Prior to 2018, sedans at auction had experienced three years of consecutive value declines. For sedan-heavy fleets, this may have meant an impact to total cost of ownership for those vehicles, as profits from remarketing them would have suffered.
 - By Eric Gandarilla. 

Prior to 2018, sedans at auction had experienced three years of consecutive value declines. For sedan-heavy fleets, this may have meant an impact to total cost of ownership for those vehicles, as profits from remarketing them would have suffered.

By Eric Gandarilla. 

Wholesale sedan values in 2018 have seen a reversal from years of decline. Retention rates for smaller sedans have held strong, and at certain points of the year, held stronger than their historically strong truck counterparts.

Prior to 2018, sedans at auction had experienced three years of consecutive value declines. For sedan-heavy fleets, this may have meant an impact to total cost of ownership for those vehicles, as profits from remarketing them would have suffered.

Now companies with sedan-heavy fleets may be finding that a window of opportunity to remarket those vehicles for better profit has emerged.

“Sedans have done very well in the used market this year, after consistently declining in the previous three years,” said Anil Goyal, executive vice president, operations at Black Book. “Consumer confidence is at its highest since 2000 and the unemployment rate is at its lowest since 1970. Even as the economy has done well, real wages haven’t improved much. Combined with more people working, the demand for affordable cars is up substantially.”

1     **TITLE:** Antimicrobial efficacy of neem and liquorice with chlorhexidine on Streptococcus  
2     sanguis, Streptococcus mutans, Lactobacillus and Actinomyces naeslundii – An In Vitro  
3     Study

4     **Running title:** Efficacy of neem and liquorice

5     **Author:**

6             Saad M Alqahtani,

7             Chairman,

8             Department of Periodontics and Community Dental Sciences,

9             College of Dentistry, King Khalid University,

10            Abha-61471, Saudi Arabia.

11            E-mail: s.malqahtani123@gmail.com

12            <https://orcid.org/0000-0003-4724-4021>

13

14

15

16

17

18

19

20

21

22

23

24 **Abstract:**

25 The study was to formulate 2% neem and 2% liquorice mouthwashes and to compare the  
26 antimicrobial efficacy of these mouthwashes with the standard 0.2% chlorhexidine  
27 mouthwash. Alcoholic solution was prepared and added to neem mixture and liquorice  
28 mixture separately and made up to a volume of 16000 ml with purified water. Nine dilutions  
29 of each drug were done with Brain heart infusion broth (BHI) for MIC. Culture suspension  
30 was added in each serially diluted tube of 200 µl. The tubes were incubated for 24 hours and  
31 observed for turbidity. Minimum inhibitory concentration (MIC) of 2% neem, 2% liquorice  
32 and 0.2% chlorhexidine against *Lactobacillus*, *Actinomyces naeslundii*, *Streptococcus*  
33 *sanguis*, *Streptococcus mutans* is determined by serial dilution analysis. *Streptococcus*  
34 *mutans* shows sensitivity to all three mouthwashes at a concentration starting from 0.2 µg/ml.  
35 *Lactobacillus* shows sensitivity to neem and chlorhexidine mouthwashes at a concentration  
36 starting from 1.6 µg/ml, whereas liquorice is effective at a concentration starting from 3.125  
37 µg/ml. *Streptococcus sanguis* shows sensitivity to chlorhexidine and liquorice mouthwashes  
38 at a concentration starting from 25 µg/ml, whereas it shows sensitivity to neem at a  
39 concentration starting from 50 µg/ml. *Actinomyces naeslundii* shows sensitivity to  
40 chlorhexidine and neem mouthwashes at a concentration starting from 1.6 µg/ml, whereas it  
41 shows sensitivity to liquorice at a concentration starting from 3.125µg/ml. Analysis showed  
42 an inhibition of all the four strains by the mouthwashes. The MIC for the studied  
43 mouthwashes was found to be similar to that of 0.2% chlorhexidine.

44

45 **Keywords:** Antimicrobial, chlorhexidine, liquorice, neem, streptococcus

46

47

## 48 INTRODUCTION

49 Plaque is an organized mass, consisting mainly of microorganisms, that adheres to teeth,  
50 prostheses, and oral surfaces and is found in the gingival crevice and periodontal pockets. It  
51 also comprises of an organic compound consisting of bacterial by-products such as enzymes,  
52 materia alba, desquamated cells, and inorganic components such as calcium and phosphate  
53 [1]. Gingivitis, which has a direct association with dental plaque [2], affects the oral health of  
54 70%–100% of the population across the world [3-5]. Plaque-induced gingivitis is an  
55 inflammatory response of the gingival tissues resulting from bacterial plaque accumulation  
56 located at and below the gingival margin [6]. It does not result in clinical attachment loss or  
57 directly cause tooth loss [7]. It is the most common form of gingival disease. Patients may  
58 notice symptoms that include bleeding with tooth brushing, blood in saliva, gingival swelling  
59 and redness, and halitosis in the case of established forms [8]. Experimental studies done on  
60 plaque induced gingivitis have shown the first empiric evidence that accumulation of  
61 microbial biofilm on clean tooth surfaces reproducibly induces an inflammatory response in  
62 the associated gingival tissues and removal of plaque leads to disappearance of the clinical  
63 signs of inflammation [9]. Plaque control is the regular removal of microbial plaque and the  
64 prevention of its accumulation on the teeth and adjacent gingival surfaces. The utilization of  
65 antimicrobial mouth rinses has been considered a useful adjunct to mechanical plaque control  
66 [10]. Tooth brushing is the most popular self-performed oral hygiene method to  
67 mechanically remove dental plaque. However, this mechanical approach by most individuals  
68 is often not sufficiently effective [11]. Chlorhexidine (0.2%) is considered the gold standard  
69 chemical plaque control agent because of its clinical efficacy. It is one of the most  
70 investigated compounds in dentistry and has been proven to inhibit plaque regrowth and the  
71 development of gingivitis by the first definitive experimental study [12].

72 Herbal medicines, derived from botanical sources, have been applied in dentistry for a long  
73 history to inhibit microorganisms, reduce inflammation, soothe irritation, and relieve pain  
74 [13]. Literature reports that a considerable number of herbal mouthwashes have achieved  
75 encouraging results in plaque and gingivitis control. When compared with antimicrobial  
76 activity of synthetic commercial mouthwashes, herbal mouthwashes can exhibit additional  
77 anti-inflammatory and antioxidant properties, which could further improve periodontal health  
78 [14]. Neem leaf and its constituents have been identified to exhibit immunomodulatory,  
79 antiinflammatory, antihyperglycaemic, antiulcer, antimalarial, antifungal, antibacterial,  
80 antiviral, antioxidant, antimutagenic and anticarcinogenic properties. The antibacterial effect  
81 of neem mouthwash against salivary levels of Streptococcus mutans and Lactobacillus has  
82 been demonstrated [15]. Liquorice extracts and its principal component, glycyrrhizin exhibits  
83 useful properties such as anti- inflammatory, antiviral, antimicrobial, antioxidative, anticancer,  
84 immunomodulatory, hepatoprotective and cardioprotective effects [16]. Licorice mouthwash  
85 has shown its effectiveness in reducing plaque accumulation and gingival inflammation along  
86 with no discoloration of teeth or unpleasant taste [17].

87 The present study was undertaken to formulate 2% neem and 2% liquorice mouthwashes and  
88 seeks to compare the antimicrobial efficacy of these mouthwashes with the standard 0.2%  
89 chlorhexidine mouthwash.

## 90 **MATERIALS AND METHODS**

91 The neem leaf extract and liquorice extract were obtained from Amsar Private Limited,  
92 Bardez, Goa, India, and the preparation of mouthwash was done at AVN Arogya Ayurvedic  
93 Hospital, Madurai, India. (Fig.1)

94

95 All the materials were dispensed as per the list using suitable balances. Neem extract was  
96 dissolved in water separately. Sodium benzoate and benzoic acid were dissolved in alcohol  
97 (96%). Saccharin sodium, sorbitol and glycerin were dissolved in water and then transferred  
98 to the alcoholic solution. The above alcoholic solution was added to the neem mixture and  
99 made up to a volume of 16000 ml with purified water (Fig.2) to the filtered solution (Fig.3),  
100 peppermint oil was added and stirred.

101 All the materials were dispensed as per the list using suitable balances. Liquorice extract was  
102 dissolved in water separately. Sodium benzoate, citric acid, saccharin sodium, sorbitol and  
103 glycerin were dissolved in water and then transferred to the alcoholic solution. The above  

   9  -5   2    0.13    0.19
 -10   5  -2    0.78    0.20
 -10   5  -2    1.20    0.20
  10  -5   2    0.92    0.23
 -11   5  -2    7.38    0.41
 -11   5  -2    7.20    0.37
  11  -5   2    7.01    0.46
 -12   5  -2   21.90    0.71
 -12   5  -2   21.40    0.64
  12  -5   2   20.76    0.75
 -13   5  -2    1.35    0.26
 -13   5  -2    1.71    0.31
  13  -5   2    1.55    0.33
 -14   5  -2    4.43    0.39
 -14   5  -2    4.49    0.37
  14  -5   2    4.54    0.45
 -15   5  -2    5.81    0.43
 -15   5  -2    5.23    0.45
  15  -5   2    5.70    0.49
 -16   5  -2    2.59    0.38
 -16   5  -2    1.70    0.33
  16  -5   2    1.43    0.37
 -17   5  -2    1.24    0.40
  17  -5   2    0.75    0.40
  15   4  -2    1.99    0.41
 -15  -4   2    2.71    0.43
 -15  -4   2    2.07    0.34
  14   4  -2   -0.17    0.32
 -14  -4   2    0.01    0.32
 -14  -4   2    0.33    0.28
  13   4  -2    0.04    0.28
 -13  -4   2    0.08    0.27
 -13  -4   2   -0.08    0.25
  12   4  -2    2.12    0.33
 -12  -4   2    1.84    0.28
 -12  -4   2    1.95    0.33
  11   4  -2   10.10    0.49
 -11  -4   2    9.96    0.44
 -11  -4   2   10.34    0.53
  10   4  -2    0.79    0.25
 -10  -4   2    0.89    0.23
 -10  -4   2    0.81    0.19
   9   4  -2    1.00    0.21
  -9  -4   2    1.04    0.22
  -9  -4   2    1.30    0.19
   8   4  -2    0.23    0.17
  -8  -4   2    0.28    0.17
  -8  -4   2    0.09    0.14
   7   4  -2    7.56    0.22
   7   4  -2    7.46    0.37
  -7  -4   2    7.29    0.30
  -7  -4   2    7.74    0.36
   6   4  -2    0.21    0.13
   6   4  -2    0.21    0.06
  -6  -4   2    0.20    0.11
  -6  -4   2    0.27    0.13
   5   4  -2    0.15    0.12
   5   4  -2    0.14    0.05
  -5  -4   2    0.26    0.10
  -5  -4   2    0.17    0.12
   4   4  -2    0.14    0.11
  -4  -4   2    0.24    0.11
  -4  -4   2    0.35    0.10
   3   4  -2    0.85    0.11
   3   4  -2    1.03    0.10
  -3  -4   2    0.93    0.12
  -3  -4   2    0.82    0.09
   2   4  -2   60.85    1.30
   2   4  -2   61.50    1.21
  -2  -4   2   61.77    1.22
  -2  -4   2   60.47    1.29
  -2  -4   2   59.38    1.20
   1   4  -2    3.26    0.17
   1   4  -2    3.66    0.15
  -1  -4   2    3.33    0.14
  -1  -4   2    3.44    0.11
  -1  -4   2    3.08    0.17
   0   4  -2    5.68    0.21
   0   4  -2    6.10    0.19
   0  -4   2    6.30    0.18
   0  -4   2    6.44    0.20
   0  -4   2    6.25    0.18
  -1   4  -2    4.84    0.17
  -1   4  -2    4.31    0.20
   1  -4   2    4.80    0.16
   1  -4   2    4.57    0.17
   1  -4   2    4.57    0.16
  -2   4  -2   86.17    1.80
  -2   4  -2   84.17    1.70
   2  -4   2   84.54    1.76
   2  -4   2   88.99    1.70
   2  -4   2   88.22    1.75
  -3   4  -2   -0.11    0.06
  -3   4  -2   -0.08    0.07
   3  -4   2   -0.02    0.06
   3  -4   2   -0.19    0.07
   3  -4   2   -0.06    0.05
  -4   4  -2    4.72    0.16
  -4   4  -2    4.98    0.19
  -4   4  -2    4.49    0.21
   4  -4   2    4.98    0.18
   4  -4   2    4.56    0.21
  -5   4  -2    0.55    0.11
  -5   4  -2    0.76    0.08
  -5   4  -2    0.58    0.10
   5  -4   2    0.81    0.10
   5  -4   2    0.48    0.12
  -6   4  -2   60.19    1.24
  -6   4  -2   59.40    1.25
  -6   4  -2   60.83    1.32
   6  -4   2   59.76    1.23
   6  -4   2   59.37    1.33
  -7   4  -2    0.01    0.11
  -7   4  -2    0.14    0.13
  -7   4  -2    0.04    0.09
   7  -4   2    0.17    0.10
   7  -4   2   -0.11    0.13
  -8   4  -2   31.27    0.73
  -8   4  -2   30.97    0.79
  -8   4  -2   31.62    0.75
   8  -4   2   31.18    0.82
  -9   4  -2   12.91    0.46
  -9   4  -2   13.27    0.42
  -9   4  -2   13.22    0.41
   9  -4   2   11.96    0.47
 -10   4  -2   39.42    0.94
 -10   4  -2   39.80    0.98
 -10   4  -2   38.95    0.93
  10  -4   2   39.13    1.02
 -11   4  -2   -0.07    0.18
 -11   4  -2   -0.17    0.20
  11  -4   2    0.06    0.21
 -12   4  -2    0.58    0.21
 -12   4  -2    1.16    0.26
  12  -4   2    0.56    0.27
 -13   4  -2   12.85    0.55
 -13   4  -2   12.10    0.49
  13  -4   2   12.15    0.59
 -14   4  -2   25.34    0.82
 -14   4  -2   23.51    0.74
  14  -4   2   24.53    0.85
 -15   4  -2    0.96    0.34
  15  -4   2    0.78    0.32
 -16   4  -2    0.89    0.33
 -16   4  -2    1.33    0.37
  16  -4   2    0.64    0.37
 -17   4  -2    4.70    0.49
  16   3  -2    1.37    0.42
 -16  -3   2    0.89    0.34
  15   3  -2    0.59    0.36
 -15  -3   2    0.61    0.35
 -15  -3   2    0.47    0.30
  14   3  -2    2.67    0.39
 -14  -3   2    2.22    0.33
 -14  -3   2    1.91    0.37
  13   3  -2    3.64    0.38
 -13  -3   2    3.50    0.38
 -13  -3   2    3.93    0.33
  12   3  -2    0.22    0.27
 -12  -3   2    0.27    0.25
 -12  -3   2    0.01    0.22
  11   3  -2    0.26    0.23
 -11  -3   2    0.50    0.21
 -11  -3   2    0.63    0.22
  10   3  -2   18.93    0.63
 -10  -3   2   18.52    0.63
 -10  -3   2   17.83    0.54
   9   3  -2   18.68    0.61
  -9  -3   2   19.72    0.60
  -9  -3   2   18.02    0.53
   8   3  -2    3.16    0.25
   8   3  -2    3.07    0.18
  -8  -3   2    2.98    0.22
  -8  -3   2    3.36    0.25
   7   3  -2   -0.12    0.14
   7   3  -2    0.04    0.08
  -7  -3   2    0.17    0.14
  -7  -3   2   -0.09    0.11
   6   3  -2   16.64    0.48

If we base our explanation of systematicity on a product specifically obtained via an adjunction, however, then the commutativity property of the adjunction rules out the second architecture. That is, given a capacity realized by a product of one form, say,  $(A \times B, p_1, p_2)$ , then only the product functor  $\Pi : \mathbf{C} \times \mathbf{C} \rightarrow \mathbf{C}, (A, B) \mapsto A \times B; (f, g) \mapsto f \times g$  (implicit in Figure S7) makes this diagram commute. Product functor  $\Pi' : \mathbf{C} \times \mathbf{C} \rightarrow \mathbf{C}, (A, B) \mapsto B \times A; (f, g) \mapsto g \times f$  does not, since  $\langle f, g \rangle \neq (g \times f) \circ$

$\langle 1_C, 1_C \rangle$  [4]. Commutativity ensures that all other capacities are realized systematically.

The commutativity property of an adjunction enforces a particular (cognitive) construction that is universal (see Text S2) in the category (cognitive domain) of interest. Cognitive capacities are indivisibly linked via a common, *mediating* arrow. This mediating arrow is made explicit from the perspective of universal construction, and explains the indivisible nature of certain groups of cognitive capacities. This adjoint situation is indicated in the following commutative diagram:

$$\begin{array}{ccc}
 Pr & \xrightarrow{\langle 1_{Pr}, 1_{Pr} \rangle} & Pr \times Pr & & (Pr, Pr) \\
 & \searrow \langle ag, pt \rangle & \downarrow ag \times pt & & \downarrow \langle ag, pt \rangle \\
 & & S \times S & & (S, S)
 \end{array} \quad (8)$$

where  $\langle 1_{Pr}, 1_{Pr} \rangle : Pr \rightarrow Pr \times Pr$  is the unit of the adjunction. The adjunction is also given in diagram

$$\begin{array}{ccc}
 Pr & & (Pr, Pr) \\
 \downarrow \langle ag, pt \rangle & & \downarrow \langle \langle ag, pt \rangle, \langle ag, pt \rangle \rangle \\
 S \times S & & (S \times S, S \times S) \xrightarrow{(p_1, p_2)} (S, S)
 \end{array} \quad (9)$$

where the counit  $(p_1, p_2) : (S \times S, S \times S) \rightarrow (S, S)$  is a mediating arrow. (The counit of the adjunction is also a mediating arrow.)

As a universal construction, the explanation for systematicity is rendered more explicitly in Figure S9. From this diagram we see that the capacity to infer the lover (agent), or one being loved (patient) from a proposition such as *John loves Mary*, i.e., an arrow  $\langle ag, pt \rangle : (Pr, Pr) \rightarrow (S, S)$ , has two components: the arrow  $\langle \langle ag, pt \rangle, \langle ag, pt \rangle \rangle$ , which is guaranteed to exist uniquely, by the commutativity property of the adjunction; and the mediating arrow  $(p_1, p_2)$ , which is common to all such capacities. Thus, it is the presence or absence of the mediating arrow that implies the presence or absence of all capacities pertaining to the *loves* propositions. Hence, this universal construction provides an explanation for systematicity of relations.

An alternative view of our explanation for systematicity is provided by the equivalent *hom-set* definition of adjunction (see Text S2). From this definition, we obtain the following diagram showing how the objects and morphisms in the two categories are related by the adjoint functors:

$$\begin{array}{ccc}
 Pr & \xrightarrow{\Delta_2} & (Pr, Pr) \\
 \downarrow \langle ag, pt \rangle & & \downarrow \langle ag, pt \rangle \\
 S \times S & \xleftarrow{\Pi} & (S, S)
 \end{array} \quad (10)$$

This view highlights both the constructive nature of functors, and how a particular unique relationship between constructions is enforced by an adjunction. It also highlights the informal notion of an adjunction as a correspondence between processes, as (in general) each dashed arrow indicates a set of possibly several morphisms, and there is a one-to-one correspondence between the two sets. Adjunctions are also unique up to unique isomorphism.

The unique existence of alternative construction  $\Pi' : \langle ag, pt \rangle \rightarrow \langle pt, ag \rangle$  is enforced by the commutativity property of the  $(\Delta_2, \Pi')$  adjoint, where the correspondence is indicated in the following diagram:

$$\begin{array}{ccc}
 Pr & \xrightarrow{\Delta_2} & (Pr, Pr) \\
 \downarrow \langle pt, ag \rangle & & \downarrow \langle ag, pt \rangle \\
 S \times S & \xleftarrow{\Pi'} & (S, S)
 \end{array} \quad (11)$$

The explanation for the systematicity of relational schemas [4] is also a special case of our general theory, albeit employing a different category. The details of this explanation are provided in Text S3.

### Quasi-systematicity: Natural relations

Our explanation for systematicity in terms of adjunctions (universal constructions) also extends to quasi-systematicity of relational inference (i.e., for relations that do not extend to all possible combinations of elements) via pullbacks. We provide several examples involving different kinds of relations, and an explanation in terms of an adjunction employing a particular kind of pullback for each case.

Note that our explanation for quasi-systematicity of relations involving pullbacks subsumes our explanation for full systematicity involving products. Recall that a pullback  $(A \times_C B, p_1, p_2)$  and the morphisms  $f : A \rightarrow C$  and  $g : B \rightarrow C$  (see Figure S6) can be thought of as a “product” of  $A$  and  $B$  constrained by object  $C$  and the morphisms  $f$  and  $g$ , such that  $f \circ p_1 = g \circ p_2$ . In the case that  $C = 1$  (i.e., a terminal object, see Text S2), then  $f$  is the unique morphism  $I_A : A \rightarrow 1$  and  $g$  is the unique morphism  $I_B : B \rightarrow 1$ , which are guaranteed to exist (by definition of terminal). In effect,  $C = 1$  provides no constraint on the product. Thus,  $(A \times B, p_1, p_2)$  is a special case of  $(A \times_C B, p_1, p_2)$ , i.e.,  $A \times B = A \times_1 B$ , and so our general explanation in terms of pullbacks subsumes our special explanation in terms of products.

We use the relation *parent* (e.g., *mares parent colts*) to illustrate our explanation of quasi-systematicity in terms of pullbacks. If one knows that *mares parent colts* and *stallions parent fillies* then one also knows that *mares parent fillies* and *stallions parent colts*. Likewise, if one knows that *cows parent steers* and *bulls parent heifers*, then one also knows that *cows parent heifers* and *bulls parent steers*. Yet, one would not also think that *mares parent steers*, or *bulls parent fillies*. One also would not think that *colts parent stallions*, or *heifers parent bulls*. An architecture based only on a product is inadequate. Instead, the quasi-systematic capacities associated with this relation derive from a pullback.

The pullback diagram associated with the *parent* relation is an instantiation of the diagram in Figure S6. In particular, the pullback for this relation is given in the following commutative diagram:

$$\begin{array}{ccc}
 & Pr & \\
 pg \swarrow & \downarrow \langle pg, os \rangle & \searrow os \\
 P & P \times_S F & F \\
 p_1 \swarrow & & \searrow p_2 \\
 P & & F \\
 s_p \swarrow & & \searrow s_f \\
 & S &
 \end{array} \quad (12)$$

Compounding onto this is the fact that average transaction prices among new cars have also grown. This growth has, in part, been fueled by a market shift away from cars and toward trucks, which typically come with higher price tags.

Through this year, midsize, compact and subcompact cars have made up about 21.7% of the new-vehicle market among consumers, compared to 2012 when those segments made up 35% of the market, according to data shared by Cox Automotive.

“The fleet market is showing a similar shift in segment sales as well,” said Zo Rahim, manager – economics and industry insights at Cox Automotive. “We’ve seen 29% of fleet sales so far this year have been cars, down from 35% last year over the same time period. What fleet companies are buying is more aligned to consumer preference, which is driving production changes at the OEM-level. But, what happens when you need to de-fleet?”

This is where fleets with a large percent of sedans in their fleet may be able to benefit. These companies may be able to see a better return on the cars they remarket given the current values for cars. While car values have begun to decline, as they begin to stabilize, they are still at healthier levels than they have been in years past.

 Should consumers and fleets continue to buy more crossovers, SUVS, pickups, and vans, and fewer cars, there will eventually be fewer cars and more trucks in the used market. Currently, cars still outnumber trucks in the wholesale market, but as the pendulum shifts in favor of trucks, car values will only rise, as demand continues to grow and supply begins to shrink.  

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